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Skeletal formula of imidazoline
Ball-and-stick model of the imidazoline molecule
IUPAC name
504-75-6 YesY
ChEBI CHEBI:53094 YesY
ChemSpider 61464 YesY
Jmol 3D model Interactive image
PubChem 68156
Molar mass 70.10 g·mol−1
Except where otherwise noted, data are given for materials in their standard state (at 25 °C [77 °F], 100 kPa).
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Infobox references

2-Imidazoline (dihydroimidazoles) is one of three isomers of the nitrogen-containing heterocycle with formula C3H6N2, derived from imidazole. The 2-imidazolines are the most common imidazolines commercially, as the ring exists in some natural products and some pharmaceuticals. They also have been examined in the context of organic synthesis, coordination chemistry, and homogeneous catalysis.[1]

Biological role[edit]

Many imidazolines are biologically active.[2] Most bio-active derivatives bear a substituent (aryl or alkyl group) on the carbon between the nitrogen centers. Some generic names include oxymetazoline, xylometazoline, tetrahydrozoline, and naphazoline.

Synthesis of Imidazoline[edit]

A variety of routes exist for the synthesis of imidazolines,[1][3] with the most common methods involving the condensation of 1,2-diamines with nitriles or esters. The nitrile based route is effective for both alkyl and aryl nitriles and requires high temperatures or acid catalysis.

Synthesis of imidazolines from nitrile and from ester precursors.

Imidazoline in Natural Products[edit]

Imidazoline has been found in various natural products. Natural molecules topsentin D and spongotine B were discovered in several marine sponges. These metabolites have received considerable attention because of their potent properties such as antitumor, antiviral, and anti-inflammatory activities.[4]

Pharmaceutical Applications[edit]

2-imidazolines have been investigated as antihyperglycemic, anti-inflammatory, antihypertensive, antihypercholesterolemic, and antidepressant reagents.[1][5] The imidazoline-containing drug clonidine is used alone or in combination with other medications to treat high blood pressure. It is also used in the treatment of dysmenorrhea, hypertensive crisis, Tourette's syndrome and attention deficit hyperactivity disorder (ADHD).[6]

Homogeneous Catalysis[edit]

As a structural analogue of 2-oxazolines, 2-imidazolines have been developed as ligands in coordination chemistry. The substitutions on the nitrogen atom in the imidazoline ring provide opportunities for fine-tuning the electronic and steric properties. Some of the complexes function as catalysts for Suzuki–Miyaura couplings, Mizoroki–Heck reactions, Diels–Alder reactions, asymmetric allylic substitution, [3,3] sigmatropic rearrangement, Henry reactions, etc.[1]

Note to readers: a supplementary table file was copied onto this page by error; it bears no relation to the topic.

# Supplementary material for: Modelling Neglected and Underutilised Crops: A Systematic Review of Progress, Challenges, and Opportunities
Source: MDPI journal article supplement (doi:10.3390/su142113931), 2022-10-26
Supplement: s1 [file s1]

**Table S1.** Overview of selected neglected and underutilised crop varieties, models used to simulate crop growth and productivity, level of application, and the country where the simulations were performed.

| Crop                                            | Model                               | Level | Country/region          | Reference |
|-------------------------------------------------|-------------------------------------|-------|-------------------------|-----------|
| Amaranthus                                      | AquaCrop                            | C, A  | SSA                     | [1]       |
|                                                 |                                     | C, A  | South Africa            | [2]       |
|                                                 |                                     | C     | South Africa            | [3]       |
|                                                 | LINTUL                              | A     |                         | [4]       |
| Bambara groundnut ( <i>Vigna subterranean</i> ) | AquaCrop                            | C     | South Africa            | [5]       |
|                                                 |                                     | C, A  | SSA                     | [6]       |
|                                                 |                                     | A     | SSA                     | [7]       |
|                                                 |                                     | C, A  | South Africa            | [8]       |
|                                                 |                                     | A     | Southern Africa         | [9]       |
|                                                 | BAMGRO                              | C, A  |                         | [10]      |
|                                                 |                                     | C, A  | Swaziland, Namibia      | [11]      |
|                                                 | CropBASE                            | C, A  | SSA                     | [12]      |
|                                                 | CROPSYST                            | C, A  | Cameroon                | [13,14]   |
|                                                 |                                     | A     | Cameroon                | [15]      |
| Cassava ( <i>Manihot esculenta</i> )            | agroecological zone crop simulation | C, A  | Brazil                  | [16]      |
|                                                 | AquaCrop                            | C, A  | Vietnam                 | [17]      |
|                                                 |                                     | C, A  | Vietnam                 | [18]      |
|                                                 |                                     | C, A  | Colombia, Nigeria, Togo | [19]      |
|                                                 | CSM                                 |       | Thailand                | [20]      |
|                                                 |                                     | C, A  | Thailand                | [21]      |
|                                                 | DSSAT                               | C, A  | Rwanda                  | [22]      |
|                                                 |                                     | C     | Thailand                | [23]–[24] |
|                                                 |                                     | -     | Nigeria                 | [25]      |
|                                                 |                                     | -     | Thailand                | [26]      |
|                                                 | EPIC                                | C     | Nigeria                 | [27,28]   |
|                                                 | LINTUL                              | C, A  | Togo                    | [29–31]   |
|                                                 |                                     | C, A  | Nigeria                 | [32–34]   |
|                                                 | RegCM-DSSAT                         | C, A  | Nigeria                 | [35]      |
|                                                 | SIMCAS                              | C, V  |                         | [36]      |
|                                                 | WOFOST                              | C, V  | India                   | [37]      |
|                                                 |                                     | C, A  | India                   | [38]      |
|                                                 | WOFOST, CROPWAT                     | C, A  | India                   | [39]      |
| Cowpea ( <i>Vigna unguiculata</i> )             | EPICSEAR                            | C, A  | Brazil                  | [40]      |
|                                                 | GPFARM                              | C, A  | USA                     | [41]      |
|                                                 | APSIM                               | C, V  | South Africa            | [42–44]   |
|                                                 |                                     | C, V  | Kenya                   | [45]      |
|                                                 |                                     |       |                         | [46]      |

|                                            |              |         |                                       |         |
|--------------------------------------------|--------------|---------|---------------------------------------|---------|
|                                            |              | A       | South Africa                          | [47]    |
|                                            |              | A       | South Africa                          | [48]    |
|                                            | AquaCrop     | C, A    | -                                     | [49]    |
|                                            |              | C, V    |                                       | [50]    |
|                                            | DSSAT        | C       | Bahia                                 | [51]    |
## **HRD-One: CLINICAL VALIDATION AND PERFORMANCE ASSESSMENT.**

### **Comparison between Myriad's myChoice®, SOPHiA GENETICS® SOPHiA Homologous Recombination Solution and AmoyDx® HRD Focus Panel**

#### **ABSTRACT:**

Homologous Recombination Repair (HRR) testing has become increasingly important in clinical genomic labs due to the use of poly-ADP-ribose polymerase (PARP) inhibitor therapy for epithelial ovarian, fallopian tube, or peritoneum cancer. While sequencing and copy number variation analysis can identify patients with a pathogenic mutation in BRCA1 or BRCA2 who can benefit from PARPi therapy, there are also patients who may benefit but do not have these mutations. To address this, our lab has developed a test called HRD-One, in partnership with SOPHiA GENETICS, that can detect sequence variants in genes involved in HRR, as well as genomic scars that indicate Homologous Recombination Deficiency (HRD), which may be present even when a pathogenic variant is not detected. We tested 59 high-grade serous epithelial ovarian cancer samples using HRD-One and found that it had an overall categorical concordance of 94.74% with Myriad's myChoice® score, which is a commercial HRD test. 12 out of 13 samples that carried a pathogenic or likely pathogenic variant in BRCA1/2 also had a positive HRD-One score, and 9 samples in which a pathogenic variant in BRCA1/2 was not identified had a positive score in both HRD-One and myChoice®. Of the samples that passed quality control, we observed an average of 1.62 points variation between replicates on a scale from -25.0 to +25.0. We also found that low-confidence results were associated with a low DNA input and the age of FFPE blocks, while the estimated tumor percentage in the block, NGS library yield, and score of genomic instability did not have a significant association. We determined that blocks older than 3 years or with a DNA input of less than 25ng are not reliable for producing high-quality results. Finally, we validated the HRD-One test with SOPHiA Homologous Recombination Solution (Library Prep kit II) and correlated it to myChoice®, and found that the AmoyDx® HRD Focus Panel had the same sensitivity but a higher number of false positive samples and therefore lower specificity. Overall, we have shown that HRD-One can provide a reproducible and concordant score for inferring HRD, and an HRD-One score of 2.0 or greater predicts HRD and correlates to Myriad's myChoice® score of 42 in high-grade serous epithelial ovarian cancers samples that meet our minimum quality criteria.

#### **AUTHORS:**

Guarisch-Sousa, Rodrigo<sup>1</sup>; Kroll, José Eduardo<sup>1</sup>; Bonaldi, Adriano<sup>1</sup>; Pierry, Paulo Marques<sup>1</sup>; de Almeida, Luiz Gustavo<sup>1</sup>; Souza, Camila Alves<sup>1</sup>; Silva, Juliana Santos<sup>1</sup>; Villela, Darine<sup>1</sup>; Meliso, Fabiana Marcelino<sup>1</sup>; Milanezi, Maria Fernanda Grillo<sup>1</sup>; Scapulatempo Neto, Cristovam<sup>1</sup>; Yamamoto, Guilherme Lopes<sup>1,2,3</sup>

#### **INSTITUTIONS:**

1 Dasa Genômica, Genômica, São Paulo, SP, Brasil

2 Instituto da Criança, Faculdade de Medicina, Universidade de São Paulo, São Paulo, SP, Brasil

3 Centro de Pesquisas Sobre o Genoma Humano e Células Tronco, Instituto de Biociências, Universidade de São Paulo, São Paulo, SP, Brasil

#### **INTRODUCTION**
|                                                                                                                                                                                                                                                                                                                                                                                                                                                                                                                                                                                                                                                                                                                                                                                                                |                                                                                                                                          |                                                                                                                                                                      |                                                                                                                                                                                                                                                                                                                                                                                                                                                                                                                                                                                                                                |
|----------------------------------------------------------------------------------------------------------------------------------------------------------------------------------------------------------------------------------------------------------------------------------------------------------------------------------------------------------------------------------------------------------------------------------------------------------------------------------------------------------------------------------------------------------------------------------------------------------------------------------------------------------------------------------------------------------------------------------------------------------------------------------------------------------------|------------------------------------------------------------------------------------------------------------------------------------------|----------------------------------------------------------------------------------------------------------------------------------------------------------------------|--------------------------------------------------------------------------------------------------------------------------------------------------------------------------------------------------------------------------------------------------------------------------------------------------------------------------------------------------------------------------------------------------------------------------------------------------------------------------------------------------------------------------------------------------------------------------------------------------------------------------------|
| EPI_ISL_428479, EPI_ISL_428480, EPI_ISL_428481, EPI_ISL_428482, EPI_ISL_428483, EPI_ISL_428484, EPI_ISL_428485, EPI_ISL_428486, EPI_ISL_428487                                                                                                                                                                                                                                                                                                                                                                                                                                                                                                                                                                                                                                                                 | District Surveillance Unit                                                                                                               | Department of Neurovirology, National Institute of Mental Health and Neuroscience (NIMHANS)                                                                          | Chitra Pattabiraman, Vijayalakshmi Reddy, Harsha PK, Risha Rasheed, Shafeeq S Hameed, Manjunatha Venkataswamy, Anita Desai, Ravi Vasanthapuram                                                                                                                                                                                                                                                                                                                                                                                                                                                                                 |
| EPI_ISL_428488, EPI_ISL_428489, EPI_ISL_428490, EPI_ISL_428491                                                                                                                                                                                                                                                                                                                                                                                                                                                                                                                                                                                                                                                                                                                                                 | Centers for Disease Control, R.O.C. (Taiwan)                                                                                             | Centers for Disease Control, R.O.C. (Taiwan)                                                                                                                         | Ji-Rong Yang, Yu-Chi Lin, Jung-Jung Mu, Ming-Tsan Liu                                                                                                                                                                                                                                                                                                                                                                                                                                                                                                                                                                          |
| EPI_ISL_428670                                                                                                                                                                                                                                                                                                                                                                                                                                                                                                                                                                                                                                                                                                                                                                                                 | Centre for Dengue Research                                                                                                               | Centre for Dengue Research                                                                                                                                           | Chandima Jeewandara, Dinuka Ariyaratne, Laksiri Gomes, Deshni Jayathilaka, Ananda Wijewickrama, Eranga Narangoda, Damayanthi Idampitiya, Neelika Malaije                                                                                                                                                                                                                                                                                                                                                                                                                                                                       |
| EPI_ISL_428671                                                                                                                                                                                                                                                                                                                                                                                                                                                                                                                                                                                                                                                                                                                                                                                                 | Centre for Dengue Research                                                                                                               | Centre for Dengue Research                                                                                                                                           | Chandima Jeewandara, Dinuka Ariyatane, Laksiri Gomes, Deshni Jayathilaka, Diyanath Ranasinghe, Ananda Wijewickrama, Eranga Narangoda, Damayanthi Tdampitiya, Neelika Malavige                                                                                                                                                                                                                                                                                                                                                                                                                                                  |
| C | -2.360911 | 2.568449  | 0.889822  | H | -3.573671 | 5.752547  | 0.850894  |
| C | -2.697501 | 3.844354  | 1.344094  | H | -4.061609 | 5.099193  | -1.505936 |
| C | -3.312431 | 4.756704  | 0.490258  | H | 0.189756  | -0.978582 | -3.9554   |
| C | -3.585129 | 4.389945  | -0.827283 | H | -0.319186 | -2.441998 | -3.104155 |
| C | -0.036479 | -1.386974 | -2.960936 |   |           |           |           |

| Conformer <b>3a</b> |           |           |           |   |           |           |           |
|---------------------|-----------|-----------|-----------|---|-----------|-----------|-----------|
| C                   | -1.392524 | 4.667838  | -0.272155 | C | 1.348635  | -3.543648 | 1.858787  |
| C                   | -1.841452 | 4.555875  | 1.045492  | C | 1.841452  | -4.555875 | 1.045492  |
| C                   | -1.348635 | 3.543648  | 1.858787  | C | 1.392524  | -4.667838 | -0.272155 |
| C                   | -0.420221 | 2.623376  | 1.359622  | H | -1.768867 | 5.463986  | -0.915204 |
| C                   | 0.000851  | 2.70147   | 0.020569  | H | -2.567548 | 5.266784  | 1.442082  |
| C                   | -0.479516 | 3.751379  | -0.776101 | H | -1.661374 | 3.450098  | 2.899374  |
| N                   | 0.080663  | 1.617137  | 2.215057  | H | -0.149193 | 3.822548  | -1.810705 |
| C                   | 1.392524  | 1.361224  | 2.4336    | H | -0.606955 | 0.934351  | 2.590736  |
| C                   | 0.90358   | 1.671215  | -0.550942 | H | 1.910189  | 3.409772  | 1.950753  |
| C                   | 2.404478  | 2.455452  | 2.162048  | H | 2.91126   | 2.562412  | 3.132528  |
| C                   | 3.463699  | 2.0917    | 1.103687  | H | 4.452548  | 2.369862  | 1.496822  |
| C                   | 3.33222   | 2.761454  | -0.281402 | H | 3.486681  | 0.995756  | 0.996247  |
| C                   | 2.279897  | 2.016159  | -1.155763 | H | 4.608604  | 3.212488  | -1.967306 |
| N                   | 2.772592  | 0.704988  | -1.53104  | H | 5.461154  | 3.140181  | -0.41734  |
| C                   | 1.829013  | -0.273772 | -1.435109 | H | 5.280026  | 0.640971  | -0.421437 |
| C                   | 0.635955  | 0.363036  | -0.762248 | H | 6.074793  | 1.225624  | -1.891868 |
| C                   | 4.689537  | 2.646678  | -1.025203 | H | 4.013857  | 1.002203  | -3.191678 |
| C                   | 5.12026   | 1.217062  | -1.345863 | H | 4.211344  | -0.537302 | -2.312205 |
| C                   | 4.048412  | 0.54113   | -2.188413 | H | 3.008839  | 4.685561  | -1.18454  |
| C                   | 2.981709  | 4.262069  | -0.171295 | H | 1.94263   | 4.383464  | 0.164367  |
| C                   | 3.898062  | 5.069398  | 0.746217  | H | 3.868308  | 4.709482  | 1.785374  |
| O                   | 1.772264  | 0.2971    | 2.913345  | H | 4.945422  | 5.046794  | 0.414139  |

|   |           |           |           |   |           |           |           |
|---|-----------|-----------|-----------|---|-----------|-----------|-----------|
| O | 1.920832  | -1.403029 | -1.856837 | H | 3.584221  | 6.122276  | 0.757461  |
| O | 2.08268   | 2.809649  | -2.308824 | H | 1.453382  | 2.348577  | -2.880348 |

Industrial Applications[edit]

Imidazoline derivatives have extensive applications in surfactant in small proportions for improving detergent qualities for various purposes (fabric softeners, hair and fabric conditioning).[7]

Imidazolines as Precursors of Imidazoles[edit]

Imidazoles can be prepared from dehydrogenation of imidazolines.[8]

Dehydrogenation of imidazoline.png

See also[edit]


  1. ^ a b c d Liu, H.; Du, D.-M. (2009). "Recent Advances in the Synthesis of 2-Imidazolines and Their Applications in Homogeneous Catalysis". Adv. Synth. Catal. 351: 489–519. doi:10.1002/adsc.200800797. 
  2. ^ N. MacInnes and S. Duty (2004). "Locomotor effects of imidazoline I2-site-specific ligands and monoamine oxidase inhibitors in rats with a unilateral 6-hydroxydopamine lesion of the nigrostriatal pathway". Br J Pharmacol. 143 (8): 952–959. doi:10.1038/sj.bjp.0706019. PMC 1575965free to read. PMID 15545290. 
  3. ^ David Crouch, R. (March 2009). "Synthetic routes toward 2-substituted 2-imidazolines". Tetrahedron. 65 (12): 2387–2397. doi:10.1016/j.tet.2008.12.022. 
  4. ^ Guinchard, X.; Valle; Denis, J. N. (2007). "Total Synthesis of Marine Sponge Bis(indole) Alkaloids of the Topsentin Class". J. Org. Chem. 72 (10): 3972–3975. doi:10.1021/jo070286r. 
  5. ^ Dardonville, C.; Rozas, I. (2004). "Imidazoline binding sites and their ligands: An overview of the different chemical structures". Med. Res. Rev. 24: 639–661. doi:10.1002/med.20007. 
  6. ^ "Clonidine", Pubmed Health, http://www.ncbi.nlm.nih.gov/pubmedhealth/PMH0000623/
  7. ^ Tyagi, R.; Tyagi, V. K.; Pandey, S. K. (2007). "Imidazoline and its derivatives: an overview". J. Oleo. Sci. 56: 211–222. doi:10.5650/jos.56.21. 
  8. ^ Ishihara, M.; Togo, H. (2006). "An Efficient Preparation of 2-Imidazolines and Imidazoles from Aldehydes with Molecular Iodine and (Diacetoxyiodo)benzene". Synlett: 227–230. doi:10.1055/s-2005-923604.